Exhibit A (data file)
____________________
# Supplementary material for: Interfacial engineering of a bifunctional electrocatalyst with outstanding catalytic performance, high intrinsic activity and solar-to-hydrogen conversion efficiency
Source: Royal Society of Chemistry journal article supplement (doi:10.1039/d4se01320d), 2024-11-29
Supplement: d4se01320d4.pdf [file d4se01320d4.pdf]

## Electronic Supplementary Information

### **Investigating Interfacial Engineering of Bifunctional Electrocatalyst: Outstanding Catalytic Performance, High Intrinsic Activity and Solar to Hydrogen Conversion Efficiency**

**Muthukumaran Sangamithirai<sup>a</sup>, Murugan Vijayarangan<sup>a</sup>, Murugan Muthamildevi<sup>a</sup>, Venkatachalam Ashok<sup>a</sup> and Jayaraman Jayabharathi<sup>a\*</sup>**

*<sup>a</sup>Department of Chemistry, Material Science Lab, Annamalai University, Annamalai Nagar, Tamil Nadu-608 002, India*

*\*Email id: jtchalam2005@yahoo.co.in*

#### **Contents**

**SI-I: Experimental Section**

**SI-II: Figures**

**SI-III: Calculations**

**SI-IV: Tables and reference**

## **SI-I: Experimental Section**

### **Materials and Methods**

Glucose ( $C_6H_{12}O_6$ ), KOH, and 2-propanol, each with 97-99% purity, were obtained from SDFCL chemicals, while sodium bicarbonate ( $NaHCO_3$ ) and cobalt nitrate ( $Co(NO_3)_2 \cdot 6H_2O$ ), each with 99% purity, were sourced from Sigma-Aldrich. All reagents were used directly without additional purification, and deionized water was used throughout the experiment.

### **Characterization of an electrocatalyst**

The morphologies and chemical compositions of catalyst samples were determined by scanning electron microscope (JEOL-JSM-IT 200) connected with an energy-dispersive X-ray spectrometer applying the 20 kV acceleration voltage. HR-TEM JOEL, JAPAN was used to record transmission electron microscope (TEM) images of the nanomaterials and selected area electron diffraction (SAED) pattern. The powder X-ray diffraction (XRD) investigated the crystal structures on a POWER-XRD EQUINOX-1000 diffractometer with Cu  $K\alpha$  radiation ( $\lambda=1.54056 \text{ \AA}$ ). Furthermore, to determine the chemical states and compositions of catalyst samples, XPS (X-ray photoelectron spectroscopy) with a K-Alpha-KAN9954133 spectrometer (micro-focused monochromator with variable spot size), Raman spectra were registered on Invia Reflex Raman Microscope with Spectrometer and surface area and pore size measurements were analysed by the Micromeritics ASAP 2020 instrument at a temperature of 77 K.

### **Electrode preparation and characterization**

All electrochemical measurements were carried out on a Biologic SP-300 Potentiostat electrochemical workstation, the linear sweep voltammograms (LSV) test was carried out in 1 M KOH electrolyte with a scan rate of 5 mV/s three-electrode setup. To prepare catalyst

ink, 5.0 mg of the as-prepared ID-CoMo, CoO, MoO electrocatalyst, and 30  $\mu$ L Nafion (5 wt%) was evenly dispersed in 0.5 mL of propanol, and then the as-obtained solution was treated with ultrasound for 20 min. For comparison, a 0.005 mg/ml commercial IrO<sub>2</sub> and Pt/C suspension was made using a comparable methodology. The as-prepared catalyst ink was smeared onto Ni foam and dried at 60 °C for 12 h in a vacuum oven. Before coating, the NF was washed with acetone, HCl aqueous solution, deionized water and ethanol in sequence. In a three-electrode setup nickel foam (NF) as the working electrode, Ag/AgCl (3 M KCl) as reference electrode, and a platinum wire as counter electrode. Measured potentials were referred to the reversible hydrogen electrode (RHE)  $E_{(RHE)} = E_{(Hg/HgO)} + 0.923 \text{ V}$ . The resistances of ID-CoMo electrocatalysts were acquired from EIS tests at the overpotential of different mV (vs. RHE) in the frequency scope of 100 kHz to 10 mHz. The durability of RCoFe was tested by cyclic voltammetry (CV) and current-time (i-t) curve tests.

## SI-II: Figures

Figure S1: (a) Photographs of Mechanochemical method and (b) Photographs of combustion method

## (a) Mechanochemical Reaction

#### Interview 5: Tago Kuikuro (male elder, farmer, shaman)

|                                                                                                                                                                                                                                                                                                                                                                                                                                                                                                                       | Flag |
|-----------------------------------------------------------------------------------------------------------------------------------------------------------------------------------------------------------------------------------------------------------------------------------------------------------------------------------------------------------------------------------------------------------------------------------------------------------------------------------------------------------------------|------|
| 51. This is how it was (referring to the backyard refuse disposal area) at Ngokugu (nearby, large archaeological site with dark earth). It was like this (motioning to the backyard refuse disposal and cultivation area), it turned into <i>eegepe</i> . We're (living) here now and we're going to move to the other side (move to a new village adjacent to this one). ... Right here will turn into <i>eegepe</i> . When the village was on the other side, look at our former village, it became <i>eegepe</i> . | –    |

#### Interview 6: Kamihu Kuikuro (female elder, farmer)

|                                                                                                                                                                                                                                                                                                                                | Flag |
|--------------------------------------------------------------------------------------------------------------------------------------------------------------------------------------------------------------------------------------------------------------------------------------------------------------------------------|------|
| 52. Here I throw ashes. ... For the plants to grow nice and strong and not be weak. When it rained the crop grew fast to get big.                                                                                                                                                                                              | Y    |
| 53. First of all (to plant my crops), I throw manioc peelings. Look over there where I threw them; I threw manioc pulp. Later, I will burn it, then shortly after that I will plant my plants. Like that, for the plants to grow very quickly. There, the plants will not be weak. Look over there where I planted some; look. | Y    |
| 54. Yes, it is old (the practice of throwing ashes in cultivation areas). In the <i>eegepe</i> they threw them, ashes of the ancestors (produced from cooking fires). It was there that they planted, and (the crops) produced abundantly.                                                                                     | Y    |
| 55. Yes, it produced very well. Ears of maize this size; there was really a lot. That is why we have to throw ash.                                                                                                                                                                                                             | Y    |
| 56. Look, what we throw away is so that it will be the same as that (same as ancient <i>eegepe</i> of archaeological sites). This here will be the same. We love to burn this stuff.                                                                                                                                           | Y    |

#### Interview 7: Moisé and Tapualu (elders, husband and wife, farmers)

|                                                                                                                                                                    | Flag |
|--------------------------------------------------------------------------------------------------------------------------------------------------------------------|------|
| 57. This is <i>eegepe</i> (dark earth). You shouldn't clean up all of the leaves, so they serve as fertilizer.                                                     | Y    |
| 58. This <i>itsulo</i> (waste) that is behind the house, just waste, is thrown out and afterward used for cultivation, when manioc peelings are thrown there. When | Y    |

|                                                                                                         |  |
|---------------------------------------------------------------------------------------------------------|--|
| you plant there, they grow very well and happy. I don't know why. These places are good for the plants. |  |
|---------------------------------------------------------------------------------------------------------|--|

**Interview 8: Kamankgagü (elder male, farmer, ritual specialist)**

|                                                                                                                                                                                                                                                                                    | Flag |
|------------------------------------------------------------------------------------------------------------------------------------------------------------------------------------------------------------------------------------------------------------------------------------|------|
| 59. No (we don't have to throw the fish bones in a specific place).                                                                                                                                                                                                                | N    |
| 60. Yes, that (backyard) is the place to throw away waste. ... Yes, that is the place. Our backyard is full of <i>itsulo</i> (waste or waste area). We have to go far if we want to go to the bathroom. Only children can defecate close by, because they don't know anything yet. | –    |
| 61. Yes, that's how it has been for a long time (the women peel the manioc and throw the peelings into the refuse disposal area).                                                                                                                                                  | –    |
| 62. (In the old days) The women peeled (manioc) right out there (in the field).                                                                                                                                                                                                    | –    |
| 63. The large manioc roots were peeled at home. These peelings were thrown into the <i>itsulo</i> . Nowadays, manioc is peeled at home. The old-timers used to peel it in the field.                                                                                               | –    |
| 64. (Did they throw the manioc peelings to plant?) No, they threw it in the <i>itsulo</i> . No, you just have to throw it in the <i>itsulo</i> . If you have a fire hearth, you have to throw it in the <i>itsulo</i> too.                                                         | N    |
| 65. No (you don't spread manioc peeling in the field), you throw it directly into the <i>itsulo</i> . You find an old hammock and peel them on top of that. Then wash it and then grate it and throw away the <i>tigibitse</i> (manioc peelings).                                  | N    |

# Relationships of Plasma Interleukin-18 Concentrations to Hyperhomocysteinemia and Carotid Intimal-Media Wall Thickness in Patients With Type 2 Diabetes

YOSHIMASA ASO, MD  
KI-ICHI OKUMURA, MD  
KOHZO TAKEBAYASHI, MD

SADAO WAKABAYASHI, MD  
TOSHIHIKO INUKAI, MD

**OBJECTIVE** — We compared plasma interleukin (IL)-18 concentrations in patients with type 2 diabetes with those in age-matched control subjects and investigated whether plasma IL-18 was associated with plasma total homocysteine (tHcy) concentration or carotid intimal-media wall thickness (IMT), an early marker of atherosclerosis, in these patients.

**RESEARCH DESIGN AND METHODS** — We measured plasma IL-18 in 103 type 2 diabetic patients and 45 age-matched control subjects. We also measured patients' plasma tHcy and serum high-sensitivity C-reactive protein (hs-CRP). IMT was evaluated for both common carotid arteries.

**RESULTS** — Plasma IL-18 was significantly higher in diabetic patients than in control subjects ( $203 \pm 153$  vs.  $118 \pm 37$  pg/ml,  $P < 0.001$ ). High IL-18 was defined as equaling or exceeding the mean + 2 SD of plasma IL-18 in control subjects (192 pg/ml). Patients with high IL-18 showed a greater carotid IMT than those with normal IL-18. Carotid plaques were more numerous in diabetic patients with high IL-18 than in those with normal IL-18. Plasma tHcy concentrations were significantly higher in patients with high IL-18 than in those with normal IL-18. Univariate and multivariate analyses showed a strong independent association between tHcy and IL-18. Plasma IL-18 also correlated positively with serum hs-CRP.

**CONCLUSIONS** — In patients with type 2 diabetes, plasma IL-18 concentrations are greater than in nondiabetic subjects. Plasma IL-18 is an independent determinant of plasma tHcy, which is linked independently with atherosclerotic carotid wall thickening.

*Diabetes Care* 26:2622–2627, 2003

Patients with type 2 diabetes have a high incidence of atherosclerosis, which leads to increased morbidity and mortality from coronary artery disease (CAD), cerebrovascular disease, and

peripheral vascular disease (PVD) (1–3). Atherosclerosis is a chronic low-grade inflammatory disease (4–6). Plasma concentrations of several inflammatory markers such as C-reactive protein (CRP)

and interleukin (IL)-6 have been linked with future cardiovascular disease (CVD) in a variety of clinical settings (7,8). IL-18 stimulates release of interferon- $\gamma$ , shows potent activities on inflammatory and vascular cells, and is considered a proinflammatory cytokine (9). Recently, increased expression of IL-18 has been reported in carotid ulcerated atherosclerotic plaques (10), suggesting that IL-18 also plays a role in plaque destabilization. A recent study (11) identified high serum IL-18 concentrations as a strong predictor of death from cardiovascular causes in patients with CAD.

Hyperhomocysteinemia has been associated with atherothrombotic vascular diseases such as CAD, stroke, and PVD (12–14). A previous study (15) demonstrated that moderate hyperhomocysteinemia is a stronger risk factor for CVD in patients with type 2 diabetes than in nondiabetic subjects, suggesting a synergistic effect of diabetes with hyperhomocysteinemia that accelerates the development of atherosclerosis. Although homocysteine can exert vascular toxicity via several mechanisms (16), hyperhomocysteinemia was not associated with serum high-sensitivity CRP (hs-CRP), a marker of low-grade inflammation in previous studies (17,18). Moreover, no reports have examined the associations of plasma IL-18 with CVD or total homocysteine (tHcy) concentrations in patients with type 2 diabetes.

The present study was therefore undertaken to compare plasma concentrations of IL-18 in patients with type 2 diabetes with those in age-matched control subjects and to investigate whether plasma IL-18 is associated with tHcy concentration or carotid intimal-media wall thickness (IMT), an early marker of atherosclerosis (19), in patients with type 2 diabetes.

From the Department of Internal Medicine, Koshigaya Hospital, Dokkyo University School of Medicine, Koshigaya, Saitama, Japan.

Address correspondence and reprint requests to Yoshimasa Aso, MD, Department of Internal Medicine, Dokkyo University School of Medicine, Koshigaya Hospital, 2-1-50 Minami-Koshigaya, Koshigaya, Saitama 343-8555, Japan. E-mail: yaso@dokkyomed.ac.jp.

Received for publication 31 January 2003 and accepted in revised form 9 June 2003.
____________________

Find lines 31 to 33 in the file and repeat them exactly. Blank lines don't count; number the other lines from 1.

|--------------------------------------------------------------------------------------------------------------------------------------------------------------------------------------------------------------------------------------------------------------------------------------------------------------------------------|------|
| 52. Here I throw ashes. ... For the plants to grow nice and strong and not be weak. When it rained the crop grew fast to get big.                                                                                                                                                                                              | Y    |
| 53. First of all (to plant my crops), I throw manioc peelings. Look over there where I threw them; I threw manioc pulp. Later, I will burn it, then shortly after that I will plant my plants. Like that, for the plants to grow very quickly. There, the plants will not be weak. Look over there where I planted some; look. | Y    |